Date: 5/11/18 1:57 pm From: Josh <opihi...> Subject: [MASSBIRD] Valley seabirds and shorebirds; wren fledglings; etc.
Last night’s cold front apparently dropped a few seabirds into the Turners Falls area despite the generally pleasant weather. Right after I dropped my kids off at school in Gill, I checked FaceBook and saw that Mark Fairbrother had reported a Black Tern on Barton Cove, just a block and a half from the school. I zipped over, spotted it, and digiscoped a couple of photos, then posted an update to FaceBook… and it vanished while I was looking at my phone to type the update. But then an immature Bonaparte’s Gull came drifting down the river. A scaup - I assume the Greater about which Bill Lafley posted here recently - swam across with a pair of Ring-necked Ducks. Several Northern Rough-winged Swallows flew around, and a couple of them landed at the edge of the lawn just 10 meters or so from where I was standing. Two adult Bald Eagles soared over while being harassed by a crow. I had actually intended to just stop by for a few minutes and then drive to Hadley, where my friend and birding mentor Barbara Drummond was visiting, but it took me an hour to pull myself away from the action…
After determining that Barbara was going to call it a day and head back home before I reached her location, I decided to check out the power canal before leaving Turners Falls. A drake White-winged Scoter was there. Josh Layfield had photographed one on Barton Cove about a week earlier; I had to wonder whether this was the same bird, which somehow had lurked in the area for a week without being noticed, or a new one brought in along with the tern and gull. Probably no way to know for sure.
On my way home, I stopped at Mill River Lane in Hadley, a spot which just recently became a public eBird hotspot:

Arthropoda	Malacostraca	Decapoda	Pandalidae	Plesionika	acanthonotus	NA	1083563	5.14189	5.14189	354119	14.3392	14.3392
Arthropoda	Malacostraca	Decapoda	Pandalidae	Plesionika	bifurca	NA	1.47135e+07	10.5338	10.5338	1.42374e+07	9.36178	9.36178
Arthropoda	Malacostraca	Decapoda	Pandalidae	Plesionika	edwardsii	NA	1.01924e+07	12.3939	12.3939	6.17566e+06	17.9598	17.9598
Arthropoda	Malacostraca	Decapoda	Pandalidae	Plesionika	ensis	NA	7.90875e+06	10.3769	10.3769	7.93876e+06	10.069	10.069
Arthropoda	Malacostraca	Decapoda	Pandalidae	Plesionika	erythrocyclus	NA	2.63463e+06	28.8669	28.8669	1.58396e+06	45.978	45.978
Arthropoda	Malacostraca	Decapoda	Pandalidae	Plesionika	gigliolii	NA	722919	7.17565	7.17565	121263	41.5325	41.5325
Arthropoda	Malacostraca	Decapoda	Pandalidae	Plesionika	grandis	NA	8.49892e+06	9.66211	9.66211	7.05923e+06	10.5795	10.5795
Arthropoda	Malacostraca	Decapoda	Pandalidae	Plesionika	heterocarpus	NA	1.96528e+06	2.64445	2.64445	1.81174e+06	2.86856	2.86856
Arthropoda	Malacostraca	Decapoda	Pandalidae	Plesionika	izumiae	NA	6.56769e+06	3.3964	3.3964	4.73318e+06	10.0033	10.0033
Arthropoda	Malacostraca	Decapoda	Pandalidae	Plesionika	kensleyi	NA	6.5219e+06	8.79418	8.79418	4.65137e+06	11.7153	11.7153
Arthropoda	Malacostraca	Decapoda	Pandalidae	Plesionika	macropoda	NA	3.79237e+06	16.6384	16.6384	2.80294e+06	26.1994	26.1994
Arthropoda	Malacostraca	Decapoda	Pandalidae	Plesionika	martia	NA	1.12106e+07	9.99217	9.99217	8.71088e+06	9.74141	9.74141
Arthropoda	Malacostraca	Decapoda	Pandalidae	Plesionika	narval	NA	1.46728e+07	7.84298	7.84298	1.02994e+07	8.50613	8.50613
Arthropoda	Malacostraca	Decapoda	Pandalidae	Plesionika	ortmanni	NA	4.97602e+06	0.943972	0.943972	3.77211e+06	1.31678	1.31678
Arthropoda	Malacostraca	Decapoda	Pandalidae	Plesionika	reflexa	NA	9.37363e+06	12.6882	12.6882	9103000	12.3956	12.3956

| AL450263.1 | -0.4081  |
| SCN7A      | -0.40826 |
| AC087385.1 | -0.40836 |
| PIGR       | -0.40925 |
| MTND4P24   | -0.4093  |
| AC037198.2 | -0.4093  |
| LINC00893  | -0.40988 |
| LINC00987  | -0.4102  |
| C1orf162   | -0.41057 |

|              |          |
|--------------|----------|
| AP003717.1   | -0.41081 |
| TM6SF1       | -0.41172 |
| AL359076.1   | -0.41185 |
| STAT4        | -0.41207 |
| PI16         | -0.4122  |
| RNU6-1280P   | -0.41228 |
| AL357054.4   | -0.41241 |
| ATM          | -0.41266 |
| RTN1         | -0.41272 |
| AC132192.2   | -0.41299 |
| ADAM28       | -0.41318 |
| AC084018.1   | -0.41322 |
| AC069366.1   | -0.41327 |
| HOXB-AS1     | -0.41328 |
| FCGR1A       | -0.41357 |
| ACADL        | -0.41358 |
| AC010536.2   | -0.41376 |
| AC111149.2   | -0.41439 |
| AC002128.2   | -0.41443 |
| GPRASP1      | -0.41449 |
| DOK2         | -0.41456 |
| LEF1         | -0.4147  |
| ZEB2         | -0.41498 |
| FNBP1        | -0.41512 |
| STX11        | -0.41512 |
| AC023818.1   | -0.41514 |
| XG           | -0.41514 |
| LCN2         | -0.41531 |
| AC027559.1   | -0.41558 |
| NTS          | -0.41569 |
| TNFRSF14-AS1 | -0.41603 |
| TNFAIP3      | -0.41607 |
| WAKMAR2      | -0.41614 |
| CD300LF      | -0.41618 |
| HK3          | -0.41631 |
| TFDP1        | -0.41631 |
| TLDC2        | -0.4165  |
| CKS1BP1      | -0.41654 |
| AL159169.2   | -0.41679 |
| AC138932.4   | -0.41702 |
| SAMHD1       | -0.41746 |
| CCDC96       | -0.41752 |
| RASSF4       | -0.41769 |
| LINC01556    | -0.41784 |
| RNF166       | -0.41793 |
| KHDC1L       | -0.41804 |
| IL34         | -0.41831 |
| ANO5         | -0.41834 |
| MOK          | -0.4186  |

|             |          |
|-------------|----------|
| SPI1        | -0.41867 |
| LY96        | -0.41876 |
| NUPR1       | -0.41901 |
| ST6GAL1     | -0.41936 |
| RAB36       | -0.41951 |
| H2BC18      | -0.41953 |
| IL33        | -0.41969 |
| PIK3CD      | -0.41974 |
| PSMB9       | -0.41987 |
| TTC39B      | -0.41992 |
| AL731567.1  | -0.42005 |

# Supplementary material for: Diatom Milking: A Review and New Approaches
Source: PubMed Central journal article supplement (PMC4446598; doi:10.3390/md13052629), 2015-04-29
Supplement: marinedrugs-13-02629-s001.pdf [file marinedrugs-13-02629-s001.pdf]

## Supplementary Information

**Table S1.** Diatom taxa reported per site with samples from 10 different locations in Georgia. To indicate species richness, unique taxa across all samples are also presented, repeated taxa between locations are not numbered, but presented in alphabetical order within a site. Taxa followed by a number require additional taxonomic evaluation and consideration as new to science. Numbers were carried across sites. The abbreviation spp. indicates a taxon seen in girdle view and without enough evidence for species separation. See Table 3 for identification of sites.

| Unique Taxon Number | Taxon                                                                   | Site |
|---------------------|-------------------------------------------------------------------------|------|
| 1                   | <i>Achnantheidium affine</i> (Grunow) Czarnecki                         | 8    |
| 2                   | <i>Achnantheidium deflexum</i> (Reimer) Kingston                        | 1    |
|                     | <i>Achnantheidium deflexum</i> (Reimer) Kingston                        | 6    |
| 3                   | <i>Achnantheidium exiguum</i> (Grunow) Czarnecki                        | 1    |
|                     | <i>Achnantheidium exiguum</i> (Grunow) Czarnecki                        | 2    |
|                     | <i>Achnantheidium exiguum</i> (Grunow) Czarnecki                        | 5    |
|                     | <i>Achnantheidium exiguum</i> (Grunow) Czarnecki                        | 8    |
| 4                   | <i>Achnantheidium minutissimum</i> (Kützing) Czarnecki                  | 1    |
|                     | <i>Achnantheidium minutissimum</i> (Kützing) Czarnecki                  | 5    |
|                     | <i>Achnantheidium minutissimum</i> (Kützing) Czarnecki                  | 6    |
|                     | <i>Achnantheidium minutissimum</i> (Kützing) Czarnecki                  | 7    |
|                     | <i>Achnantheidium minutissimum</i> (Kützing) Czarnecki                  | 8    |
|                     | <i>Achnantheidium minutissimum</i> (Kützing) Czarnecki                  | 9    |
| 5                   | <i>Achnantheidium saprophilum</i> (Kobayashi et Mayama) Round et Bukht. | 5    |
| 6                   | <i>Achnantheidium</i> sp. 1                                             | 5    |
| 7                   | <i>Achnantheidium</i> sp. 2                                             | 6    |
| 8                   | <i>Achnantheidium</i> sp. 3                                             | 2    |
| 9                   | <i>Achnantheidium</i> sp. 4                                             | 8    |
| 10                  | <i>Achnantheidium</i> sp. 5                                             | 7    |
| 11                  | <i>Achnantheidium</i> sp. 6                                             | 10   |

https://ebird.org/hotspot/L2062286 <https://ebird.org/hotspot/L2062286> Was mildly surprised to find a junco there. The species breeds in the county, but as far as I know, only around high elevation spots. Looking at eBird now, it appears that there was a scattering of reports around the Valley through May 3, but this is the only report showing in a week-plus since then away from Mount Tom or Mount Holyoke. It’s the first I’ve seen since the last one cleared out of my yard back on April 23.
Got home to east Amherst and noticed a just-fledged Carolina Wren sitting on one of our windowsills. As I got out of the car I noted at least two more bumbling around our front yard. A couple still had little fuzzy wigs of down atop their heads. I know lots of local birds have laid eggs or hatched them by now, but was a bit shocked to see fledglings already out of the nest.
Had a couple of other mild surprises yesterday. I drove through Hadley between errands, hoping to relocate the Cattle Egrets which had been around the previous few days. No luck there. I drove down a gravel driveway to a solar farm in the middle of a big cornfield. As I neared a small puddle, not much bigger than my bird bath at home, a tiny bird moved at the water’s edge. My first thought was that the local Killdeer had hatched a few chicks already. But when I lifted by binoculars, I instead saw a fully adult Least Sandpiper!
Just around the bend from there, as I parked and ate some of my lunch, I saw a Spotted Sandpiper. Less surprising, I’ve run into them in cornfields before. But then one flew up, calling, and landed on the very upper edge of one of the solar panels; then a second one joined it up there, followed by a third! I’ve seen a few other species perching on those panels, but the trio of Spotties seemed out of place. Managed to get a photo of two of them together up there.
Some unusual-seeming sightings from other people this morning, via Western Mass Birders:
Mourning Warbler in Amherst near Larch Hill (former home of the Hitchcock Center for the Environment) (Scott Surner)
White-eyed Vireo near the Fort River Trail (a.k.a. the Silvio Conte NWR tract in Hadley) (Mary McKitrick)